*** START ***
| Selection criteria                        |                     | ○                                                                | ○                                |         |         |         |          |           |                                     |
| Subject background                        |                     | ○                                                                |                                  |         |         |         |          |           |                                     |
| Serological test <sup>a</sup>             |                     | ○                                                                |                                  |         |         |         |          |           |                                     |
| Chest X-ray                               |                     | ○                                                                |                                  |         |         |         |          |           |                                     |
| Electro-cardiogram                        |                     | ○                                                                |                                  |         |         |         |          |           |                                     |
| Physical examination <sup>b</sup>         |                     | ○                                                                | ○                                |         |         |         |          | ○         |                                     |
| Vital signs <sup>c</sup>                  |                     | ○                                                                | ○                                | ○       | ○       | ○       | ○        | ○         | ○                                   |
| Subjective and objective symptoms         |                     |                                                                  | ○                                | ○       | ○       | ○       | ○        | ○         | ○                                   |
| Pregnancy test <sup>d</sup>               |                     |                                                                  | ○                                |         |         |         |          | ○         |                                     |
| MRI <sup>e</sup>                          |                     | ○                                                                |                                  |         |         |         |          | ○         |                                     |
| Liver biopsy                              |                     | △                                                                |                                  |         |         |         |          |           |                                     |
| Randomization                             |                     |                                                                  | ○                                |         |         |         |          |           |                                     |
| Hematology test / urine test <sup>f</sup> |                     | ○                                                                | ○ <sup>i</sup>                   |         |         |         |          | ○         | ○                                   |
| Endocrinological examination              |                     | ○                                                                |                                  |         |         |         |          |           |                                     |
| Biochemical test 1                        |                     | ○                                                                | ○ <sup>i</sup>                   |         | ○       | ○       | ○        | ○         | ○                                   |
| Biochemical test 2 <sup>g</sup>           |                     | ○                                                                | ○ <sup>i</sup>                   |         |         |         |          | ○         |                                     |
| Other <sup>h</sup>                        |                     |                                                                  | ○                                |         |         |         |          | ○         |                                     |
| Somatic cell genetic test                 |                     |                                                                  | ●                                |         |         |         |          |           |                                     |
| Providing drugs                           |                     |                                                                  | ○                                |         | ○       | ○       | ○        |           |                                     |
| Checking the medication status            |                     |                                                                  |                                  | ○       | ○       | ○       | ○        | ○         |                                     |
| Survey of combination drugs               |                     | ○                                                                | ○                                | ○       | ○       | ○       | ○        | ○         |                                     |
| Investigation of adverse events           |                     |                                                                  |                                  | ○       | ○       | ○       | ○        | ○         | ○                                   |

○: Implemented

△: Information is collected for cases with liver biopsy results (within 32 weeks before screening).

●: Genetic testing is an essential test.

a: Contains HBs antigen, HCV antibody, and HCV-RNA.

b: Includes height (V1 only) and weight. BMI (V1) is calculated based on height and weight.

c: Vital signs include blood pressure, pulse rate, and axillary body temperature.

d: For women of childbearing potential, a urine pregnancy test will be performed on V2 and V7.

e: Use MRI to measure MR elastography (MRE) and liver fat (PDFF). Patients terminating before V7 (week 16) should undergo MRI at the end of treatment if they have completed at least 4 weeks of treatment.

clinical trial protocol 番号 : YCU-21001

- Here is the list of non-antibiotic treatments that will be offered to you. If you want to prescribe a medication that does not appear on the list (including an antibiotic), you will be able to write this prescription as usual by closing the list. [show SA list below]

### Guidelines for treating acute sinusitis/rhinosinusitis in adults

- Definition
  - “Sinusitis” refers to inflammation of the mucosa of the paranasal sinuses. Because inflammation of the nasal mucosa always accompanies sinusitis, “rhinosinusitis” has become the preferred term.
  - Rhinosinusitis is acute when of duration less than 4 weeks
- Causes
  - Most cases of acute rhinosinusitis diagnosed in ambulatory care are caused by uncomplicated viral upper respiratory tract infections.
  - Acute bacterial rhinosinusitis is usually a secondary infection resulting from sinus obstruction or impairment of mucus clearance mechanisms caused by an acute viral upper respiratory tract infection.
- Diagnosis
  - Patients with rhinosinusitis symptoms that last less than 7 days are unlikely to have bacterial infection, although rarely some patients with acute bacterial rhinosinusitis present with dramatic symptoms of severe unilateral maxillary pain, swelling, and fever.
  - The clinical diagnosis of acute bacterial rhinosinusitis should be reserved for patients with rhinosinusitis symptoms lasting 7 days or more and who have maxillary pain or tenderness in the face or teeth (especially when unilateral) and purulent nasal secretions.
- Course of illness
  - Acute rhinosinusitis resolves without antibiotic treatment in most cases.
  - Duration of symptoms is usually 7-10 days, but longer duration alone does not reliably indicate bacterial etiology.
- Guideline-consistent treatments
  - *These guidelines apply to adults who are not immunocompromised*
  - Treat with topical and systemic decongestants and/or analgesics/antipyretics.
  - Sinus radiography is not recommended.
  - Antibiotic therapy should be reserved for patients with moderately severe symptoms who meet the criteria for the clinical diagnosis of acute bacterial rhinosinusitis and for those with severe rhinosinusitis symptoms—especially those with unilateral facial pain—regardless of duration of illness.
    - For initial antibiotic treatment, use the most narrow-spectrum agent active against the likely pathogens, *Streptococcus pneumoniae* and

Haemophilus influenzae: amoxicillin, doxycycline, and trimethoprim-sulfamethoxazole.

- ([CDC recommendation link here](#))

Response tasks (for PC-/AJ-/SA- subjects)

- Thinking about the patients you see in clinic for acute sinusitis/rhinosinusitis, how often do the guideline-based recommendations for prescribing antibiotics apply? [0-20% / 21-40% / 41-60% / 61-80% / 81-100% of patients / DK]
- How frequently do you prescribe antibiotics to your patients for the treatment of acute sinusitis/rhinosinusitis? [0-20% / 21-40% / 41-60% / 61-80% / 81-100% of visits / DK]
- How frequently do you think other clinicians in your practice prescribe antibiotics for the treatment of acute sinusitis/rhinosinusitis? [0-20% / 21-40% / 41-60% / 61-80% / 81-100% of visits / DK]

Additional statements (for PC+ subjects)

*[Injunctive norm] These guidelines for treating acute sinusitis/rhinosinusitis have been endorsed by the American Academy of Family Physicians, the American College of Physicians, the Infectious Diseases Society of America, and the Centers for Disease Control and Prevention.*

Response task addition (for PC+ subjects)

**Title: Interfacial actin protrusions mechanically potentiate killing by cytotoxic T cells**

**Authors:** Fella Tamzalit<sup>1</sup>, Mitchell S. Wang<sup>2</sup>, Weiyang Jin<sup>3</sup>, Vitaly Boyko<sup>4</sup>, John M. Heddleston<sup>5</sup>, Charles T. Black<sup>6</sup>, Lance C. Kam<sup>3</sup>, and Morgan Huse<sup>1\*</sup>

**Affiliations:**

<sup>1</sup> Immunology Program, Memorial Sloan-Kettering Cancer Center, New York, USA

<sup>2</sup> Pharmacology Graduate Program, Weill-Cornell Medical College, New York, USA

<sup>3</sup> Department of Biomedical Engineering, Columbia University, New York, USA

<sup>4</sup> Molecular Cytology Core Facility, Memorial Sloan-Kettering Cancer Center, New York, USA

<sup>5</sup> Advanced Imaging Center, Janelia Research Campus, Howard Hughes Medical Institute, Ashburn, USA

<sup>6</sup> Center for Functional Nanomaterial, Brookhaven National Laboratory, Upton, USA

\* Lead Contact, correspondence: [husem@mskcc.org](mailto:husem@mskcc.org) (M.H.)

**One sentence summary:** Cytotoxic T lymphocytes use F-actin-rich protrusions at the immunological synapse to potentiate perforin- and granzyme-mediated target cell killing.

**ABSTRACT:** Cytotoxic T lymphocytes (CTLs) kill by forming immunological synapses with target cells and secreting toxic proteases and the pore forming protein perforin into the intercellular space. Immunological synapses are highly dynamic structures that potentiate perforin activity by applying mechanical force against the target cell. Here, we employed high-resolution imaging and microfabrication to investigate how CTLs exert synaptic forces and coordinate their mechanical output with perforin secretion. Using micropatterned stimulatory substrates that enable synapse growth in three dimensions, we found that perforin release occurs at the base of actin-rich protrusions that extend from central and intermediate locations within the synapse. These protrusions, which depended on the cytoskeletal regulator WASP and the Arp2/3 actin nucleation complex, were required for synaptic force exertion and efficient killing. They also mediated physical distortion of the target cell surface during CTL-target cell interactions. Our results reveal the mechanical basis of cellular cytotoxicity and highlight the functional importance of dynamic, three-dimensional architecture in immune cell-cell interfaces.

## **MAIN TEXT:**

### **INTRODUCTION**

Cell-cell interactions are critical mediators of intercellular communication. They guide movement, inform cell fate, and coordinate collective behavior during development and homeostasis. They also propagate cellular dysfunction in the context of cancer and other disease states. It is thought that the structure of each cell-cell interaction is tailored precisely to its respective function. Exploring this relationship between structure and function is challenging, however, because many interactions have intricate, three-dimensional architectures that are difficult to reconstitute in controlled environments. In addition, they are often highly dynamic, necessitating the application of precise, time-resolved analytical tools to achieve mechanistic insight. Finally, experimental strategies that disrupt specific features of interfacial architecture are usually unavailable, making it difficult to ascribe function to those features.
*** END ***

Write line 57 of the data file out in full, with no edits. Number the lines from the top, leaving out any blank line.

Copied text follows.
- How frequently do you think other clinicians in your practice prescribe antibiotics for the treatment of acute sinusitis/rhinosinusitis? [0-20% / 21-40% / 41-60% / 61-80% / 81-100% of visits / DK]